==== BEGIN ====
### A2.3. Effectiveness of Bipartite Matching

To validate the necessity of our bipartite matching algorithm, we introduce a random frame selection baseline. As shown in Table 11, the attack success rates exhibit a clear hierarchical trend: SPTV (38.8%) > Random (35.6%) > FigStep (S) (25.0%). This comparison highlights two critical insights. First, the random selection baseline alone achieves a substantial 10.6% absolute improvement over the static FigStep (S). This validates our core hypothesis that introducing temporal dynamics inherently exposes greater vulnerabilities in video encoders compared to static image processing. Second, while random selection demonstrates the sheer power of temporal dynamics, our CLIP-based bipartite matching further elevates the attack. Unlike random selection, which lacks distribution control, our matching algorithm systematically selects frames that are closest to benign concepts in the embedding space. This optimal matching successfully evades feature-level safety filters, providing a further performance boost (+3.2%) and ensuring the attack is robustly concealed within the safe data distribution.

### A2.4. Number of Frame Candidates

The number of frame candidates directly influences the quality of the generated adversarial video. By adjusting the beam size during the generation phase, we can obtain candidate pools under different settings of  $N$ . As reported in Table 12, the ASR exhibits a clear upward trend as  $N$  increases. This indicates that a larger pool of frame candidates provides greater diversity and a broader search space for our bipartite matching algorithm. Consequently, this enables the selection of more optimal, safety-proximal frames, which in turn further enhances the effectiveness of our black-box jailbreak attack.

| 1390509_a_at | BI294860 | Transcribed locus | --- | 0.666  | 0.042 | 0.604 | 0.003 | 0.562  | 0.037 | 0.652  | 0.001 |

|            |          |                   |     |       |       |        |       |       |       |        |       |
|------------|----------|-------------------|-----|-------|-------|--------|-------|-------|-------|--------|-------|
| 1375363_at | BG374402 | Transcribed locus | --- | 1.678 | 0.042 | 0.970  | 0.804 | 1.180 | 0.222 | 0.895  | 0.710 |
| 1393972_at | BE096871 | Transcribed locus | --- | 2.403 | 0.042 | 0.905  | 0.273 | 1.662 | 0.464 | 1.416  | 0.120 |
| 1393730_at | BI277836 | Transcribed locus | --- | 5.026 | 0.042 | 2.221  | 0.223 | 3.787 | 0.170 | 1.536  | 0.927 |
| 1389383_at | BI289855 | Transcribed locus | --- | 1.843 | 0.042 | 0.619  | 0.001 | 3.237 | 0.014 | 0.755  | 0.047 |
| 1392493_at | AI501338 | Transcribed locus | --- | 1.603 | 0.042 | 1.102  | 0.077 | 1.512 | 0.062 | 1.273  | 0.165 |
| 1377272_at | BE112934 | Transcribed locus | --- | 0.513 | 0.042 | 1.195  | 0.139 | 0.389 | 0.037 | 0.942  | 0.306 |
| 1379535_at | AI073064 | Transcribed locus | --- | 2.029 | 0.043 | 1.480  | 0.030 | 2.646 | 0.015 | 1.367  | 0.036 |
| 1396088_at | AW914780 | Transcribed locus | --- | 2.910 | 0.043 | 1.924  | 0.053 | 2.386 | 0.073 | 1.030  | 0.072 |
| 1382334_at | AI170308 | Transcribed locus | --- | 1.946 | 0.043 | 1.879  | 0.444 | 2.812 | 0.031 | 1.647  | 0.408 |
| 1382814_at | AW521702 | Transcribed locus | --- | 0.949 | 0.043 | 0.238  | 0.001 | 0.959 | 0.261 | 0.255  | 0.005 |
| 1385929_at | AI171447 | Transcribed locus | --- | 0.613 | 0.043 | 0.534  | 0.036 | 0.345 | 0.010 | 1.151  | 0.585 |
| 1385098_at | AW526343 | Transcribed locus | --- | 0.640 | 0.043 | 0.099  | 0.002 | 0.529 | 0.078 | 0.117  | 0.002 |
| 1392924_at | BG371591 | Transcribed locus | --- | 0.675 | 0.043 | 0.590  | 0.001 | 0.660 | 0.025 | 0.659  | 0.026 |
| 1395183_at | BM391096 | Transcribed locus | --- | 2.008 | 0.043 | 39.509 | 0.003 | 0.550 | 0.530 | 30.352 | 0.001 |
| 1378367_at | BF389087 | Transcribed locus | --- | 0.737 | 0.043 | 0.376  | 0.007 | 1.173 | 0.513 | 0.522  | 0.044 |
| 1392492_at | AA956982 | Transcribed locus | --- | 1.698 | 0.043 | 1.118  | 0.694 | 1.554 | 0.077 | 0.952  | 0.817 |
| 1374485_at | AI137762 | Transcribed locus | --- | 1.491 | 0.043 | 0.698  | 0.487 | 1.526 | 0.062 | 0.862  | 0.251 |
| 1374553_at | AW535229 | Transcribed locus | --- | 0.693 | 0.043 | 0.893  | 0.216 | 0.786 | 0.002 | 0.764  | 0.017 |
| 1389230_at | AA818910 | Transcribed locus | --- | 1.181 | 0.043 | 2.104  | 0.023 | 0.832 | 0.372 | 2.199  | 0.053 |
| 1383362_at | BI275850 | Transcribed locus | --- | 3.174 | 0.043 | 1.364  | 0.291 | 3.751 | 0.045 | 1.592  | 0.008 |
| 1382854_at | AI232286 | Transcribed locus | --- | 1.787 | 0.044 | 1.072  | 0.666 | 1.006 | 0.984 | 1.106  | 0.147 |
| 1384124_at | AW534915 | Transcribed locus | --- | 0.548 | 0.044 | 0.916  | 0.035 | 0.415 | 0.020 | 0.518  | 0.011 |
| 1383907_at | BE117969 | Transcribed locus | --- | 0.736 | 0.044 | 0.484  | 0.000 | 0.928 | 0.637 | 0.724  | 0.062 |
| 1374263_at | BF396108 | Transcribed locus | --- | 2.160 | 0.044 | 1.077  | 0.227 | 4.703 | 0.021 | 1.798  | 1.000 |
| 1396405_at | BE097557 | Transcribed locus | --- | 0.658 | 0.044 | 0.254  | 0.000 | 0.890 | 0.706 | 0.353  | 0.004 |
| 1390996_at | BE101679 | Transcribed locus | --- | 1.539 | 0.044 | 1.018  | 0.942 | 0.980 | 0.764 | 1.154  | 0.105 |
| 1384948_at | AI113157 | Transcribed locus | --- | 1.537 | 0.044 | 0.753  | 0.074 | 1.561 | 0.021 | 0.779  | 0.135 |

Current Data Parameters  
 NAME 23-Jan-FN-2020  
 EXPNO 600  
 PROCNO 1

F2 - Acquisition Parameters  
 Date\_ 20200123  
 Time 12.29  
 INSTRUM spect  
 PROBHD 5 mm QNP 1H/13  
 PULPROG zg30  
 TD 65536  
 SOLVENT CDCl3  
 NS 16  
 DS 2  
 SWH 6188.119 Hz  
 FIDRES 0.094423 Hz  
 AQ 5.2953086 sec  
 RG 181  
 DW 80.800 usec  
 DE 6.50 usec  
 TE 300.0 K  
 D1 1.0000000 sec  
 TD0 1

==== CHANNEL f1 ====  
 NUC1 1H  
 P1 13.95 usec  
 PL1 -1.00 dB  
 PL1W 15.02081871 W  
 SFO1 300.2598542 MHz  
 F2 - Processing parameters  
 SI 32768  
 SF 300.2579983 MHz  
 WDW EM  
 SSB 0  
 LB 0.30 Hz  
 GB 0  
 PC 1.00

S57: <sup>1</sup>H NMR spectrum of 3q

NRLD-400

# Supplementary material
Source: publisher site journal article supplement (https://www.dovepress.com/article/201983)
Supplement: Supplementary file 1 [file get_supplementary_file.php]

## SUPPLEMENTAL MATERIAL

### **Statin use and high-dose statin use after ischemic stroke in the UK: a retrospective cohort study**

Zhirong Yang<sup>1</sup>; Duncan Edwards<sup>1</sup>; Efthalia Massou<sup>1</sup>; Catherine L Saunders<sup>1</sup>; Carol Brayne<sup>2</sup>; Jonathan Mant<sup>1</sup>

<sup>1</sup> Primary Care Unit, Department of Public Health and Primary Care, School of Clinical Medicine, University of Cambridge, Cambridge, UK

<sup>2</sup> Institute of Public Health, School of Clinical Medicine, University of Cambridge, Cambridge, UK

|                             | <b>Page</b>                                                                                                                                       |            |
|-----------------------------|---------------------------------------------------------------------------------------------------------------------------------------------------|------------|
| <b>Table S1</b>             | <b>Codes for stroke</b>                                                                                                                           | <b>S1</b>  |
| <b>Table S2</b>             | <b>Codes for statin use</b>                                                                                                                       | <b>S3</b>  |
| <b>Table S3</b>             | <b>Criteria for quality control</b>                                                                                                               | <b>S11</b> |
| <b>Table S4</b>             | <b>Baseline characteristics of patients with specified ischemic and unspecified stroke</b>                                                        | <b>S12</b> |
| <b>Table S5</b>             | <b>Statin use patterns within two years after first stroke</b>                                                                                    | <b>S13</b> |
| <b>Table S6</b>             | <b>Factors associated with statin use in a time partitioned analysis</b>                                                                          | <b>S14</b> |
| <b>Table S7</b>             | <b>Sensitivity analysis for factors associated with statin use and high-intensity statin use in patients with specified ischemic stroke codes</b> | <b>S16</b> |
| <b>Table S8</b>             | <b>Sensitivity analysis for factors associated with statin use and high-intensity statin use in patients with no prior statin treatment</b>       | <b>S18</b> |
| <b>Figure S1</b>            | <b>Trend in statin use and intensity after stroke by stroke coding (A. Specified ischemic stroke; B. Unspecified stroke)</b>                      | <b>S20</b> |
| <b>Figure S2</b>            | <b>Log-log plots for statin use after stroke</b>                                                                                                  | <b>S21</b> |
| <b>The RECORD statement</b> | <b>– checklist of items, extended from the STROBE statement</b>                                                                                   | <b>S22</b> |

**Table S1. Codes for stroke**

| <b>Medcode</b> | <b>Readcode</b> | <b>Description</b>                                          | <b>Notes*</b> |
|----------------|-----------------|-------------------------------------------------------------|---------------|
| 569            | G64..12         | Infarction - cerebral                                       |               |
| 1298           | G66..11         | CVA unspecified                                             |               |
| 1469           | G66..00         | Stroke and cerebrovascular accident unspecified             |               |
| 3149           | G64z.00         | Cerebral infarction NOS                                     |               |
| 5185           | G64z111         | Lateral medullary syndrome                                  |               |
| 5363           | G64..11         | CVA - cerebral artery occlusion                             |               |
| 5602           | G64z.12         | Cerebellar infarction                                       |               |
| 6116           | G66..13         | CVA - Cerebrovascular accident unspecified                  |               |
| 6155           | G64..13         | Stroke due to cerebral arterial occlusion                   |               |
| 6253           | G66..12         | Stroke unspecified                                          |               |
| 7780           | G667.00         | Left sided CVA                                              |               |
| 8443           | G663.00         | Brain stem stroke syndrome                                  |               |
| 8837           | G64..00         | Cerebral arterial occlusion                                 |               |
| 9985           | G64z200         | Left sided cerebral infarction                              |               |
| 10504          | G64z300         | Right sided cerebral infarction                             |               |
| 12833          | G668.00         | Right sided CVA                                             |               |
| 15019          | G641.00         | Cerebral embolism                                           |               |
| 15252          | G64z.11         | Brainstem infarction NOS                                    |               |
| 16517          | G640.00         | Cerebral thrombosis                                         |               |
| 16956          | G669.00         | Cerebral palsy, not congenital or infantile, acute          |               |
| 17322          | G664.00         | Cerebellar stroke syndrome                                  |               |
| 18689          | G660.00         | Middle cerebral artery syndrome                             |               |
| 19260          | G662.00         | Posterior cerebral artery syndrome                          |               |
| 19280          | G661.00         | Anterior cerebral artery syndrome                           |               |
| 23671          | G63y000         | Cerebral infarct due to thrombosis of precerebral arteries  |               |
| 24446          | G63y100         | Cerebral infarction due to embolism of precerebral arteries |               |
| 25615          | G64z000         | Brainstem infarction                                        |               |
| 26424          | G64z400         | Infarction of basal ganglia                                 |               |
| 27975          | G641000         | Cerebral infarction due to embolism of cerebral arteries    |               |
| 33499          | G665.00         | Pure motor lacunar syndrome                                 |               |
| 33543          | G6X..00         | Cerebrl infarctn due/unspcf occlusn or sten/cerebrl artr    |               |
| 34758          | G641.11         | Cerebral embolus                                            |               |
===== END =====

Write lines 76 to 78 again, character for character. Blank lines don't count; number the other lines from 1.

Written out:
Supplement: Supplementary file 1 [file get_supplementary_file.php]

## SUPPLEMENTAL MATERIAL

### **Statin use and high-dose statin use after ischemic stroke in the UK: a retrospective cohort study**